The Recognitions is the extreme terminus of "The Catcher in the Rye." Both are concerned with exposing the phony, the counterfeit. Gaddis' work is far more mature, wide ranging and dispairing. His erudition is breathtaking. The work attacks the fake and counterfeit in society, art, Christianity, personal morality and business. My favorite bits are Gaddis' thrashing of Dale Carnegie's "How to Win Friends and Influence People", and the weird flashes into the pagan underpinning of Christianity. Many questions are raised and left unresolved, indeed are unresolvable. The narrative is left in fragments that bleed in all directions, blurring the line between narrative and non-narrative, the conscious and the unconscious. It is a beautiful if bitter book.
PS In my opinion The Recognitions and Gravity's Rainbow are very different and not derivative one from the other. The Recognitions is about fakes, its style jagged fragmentation, highly realistic. GR is paranoid, fragmented like an opium dream or acid trip, and it comes off like a big practical joke or comic book. Read both! Don't think if you've read one, you've got the other.
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58 of 65 people found the following review helpful By Wordsworth on June 28, 2004
Format: Paperback
In a habit I sustained in college I make it a practice to underline the most quotable lines of novels I read: The Recognitions has underlines on every page. Gaddis is a major literary talent who hasn't yet even begun to receive the following of which he is worthy. This novel concerns the discoveries, both major and minor, of what is authentic in life: The Recognitions is enlightening, almost beatific, in the way in which it focuses upon the shortcomings and moral lapses of humans in pursuit of true art. From the starving painter whose unappreciated genius leads him to forge Flemish masters to a musician whose copied work played upon a great pipe organ brings down a chapel to counterfeitors of money and plagiarists of drama, this of work of Gaddis is the real thing. It is brilliant, witty, original and his command of the language is breathtakingly stunning in its execution. One can see the influence of James Joyce throughout the writing in an experimental style that is breakthrough. It is incredibly inventive and funny and astonishingly intelligent. It's no wonder that The Recognitions went unrecognized for so tragically long -- Gaddis is, without doubt, one of the top half-dozen of American literary novelists of the 20th century ranking with Bellow, Barth, Vonnegut, Hemingway and Faulkner. The writing is work by a fellow of verifiable genius: I strongly recommend that you to discover Gaddis -- he will enrich your life and help you better understand the nature of the personal epiphanies that give meaning to life.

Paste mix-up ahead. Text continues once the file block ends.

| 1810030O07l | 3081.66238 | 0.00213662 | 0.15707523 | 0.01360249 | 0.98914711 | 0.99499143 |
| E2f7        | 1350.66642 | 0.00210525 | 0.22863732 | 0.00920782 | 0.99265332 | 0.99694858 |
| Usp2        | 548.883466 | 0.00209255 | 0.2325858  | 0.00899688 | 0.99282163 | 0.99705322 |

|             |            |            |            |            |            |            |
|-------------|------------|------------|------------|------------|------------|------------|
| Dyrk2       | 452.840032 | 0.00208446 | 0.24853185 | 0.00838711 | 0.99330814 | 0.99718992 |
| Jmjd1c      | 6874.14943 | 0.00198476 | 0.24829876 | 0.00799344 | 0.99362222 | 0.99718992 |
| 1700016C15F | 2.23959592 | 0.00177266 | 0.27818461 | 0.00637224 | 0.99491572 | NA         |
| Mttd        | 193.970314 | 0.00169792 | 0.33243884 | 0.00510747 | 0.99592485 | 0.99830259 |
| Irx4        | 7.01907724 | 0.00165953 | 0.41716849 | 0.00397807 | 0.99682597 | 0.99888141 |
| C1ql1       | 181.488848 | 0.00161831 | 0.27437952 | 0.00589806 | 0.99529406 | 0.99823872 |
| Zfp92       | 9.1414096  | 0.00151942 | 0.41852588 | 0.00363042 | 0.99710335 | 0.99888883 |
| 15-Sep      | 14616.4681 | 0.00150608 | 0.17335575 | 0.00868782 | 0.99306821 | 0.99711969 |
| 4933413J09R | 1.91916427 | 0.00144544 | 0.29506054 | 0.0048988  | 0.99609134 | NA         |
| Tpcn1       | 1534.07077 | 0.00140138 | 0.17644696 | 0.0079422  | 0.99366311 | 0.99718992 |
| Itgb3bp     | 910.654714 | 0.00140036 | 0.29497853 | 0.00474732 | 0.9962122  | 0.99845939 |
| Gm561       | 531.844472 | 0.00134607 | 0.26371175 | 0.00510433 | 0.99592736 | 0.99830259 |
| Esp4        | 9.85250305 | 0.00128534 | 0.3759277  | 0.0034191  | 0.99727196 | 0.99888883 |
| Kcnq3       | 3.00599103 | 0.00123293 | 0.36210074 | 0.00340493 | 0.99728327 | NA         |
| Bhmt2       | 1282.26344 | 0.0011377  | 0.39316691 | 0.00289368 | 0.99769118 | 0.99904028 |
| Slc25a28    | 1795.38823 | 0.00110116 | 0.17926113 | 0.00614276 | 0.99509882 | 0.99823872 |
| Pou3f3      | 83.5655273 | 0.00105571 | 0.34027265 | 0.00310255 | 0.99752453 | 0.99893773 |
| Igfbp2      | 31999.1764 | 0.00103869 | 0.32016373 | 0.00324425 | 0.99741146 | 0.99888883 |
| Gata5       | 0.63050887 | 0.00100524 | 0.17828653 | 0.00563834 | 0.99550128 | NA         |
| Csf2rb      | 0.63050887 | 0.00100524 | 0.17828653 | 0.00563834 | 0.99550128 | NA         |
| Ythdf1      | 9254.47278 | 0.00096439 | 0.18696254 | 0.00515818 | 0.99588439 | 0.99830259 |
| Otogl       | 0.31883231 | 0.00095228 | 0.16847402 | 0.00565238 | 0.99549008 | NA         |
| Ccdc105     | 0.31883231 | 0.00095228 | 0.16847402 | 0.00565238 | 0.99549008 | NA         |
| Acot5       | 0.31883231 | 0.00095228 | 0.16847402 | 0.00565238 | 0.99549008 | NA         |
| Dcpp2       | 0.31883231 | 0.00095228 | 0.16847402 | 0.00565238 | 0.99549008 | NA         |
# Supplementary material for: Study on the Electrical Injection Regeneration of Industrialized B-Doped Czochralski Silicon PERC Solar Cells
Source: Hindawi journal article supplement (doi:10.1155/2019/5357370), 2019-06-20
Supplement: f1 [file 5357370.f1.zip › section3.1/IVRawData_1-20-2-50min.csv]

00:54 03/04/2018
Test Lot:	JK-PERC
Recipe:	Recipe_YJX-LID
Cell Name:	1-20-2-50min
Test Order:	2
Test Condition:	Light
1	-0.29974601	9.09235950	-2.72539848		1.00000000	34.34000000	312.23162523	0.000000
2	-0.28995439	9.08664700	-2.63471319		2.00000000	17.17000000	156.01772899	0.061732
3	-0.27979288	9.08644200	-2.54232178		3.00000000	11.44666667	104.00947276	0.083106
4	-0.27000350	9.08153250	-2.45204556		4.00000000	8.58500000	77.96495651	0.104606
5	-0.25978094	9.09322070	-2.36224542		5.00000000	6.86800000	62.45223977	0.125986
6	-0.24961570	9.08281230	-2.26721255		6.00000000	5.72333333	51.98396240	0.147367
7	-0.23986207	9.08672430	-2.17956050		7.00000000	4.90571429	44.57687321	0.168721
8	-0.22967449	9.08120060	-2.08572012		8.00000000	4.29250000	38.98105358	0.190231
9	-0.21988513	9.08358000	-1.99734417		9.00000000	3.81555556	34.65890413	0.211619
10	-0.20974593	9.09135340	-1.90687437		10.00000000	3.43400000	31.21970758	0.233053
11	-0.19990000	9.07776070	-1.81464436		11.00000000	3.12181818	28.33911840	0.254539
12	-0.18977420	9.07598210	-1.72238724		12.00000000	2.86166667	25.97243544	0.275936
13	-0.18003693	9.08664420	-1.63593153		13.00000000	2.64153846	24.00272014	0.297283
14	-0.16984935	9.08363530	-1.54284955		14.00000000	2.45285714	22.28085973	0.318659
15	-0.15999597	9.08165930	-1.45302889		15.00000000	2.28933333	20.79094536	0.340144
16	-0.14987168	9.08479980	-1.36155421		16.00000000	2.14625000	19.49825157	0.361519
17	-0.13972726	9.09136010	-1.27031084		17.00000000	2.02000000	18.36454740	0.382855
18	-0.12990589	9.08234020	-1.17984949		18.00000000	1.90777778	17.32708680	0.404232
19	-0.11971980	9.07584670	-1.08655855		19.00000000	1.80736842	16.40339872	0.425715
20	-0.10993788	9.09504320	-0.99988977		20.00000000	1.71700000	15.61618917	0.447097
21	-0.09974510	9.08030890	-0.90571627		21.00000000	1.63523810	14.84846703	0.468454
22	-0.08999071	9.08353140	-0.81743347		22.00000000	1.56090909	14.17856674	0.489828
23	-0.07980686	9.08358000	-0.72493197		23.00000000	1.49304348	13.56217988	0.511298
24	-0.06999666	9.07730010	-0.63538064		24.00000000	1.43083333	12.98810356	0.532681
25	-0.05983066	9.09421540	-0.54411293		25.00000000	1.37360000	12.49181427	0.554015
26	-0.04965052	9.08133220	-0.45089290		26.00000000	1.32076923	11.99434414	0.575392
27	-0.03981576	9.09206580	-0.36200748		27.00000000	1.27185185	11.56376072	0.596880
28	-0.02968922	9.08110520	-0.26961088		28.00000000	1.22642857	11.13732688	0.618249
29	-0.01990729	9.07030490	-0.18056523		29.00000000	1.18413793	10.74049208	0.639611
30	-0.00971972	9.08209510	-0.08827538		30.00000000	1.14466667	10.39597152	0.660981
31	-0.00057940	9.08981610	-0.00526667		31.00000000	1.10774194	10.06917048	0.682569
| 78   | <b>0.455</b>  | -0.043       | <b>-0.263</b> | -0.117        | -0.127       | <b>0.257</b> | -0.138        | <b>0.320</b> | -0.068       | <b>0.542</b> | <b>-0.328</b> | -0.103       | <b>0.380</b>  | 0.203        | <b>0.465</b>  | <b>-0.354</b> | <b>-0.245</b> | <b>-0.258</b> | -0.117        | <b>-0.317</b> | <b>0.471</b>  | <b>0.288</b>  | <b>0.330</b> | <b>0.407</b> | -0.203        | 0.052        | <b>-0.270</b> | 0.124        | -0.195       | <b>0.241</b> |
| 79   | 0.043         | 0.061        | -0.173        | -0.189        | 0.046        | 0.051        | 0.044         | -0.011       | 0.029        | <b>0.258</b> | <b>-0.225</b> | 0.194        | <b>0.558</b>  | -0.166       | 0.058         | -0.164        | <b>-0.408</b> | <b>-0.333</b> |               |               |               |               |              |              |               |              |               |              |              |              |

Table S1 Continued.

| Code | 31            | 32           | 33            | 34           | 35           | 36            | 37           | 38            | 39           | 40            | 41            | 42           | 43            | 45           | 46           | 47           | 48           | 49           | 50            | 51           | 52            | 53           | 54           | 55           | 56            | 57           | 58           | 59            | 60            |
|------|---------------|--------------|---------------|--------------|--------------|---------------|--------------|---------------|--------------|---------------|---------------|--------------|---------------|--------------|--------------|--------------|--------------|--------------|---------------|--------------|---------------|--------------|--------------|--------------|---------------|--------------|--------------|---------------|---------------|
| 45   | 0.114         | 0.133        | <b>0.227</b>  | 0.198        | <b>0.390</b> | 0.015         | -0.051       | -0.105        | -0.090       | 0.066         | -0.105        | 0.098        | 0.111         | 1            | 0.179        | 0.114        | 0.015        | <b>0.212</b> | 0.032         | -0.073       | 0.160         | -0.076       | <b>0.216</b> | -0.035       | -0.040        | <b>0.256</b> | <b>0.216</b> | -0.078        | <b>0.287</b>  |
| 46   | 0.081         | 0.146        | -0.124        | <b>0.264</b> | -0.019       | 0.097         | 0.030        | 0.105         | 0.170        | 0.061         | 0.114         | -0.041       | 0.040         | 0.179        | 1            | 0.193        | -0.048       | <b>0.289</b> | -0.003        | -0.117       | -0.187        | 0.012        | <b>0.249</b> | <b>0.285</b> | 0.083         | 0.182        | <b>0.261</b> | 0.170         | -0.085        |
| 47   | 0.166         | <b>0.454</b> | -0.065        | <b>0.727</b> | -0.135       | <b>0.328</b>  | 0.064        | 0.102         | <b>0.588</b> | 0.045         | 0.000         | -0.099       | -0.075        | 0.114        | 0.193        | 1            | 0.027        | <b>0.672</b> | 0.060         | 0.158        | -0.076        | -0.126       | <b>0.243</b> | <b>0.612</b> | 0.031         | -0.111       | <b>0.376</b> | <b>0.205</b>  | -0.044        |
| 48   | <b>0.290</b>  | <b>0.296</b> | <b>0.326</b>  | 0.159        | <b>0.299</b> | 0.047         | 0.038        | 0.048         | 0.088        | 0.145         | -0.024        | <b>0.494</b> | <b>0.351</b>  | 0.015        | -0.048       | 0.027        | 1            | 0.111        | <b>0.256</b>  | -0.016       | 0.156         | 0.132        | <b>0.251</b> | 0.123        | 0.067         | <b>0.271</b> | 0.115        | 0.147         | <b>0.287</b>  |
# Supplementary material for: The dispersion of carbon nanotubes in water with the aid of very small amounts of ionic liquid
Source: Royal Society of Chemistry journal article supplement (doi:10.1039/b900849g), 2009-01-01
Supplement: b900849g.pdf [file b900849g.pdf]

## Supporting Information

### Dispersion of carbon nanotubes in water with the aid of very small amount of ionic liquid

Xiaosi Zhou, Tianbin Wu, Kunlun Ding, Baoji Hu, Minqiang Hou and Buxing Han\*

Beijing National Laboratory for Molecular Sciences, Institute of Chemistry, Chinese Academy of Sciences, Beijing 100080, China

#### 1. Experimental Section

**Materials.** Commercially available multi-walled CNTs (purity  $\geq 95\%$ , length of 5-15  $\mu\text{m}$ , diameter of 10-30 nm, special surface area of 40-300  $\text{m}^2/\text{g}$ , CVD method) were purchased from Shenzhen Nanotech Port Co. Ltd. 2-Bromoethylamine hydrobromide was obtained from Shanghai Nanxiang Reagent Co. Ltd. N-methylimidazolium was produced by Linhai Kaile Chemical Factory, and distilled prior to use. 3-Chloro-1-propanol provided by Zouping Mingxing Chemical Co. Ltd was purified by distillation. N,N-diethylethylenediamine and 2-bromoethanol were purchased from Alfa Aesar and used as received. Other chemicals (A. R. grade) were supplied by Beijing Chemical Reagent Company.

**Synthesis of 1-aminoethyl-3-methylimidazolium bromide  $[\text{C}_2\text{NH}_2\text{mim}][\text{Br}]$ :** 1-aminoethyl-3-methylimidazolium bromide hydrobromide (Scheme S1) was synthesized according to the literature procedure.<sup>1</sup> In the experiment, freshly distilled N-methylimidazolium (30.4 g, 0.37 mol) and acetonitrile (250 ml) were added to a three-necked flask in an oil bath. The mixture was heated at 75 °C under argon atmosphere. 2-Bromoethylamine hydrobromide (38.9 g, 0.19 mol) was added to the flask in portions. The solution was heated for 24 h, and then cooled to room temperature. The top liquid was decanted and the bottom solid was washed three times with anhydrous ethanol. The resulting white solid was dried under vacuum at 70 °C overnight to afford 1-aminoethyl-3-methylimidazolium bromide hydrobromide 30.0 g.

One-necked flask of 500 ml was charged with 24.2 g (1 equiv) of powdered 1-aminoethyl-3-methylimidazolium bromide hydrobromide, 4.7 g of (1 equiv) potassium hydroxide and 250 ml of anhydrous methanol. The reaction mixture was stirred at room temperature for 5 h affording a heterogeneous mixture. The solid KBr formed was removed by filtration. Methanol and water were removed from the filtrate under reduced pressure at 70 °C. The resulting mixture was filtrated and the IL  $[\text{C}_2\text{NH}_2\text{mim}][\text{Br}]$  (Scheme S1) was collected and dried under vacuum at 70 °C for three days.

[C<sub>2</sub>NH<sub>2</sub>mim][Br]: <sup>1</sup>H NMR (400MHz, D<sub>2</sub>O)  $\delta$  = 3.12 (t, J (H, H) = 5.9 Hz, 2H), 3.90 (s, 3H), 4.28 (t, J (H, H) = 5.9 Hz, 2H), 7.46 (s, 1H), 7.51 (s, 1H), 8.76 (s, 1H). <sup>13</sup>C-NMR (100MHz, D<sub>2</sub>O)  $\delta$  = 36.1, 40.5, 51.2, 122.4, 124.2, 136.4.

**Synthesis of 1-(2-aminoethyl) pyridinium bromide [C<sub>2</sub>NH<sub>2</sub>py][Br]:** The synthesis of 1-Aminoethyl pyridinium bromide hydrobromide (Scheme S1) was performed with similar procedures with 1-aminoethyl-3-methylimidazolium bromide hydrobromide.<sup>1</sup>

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41 of 45 people found the following review helpful By zashibis on May 30, 2010
Format: Paperback
Judging from the other reviews, most readers of this novel fall into two camps: fanboys bedazzled by Gaddis's writing -- even when they don't genuinely understand it -- and skeptics who generally give up after x-number of confusing pages and dismiss Gaddis as a pretentious bore.

From where I sit, neither are entirely incorrect. The Recognitions is a monumental achievement -- an acerbic, erudite, surgical dissection of modernity and the American Imperium in all its gaudy, hypocritical, cacophonous glory. It's a terrifying vision of a society adrift in a moral and spiritual vacuum, in which appearance always trumps reality, the ends always justify the means, and deception, superficiality and self-delusion are the only cultural currencies. So far from being "dated" (as one particularly boneheaded reviewer below has it) it reads as if it were written yesterday: a jeremiad against all the self-involved follies and vanities of the West that have only metastasized in the 55 years since Gaddis threw this thunderbolt.

However, the novel also undeniably is pretentious -- chock-a-block with references to obscure early 20th century treatises and tomes you haven't read, and interpolating random bits of foreign languages (Hungarian anyone? Latin? Attic Greek?) that seem more calculated to showing off than to actually conveying meaning. Yes, this is a deliberate strategy on the part of Gaddis -- to create a "canvas" as detail-rich as the Bosch and Van Eyck paintings that obsess the novel's protagonist -- but that doesn't mean it always works. Indeed, it frequently leads to profound tedium, particularly in the scenes involving Wyatt and Basil Valentine.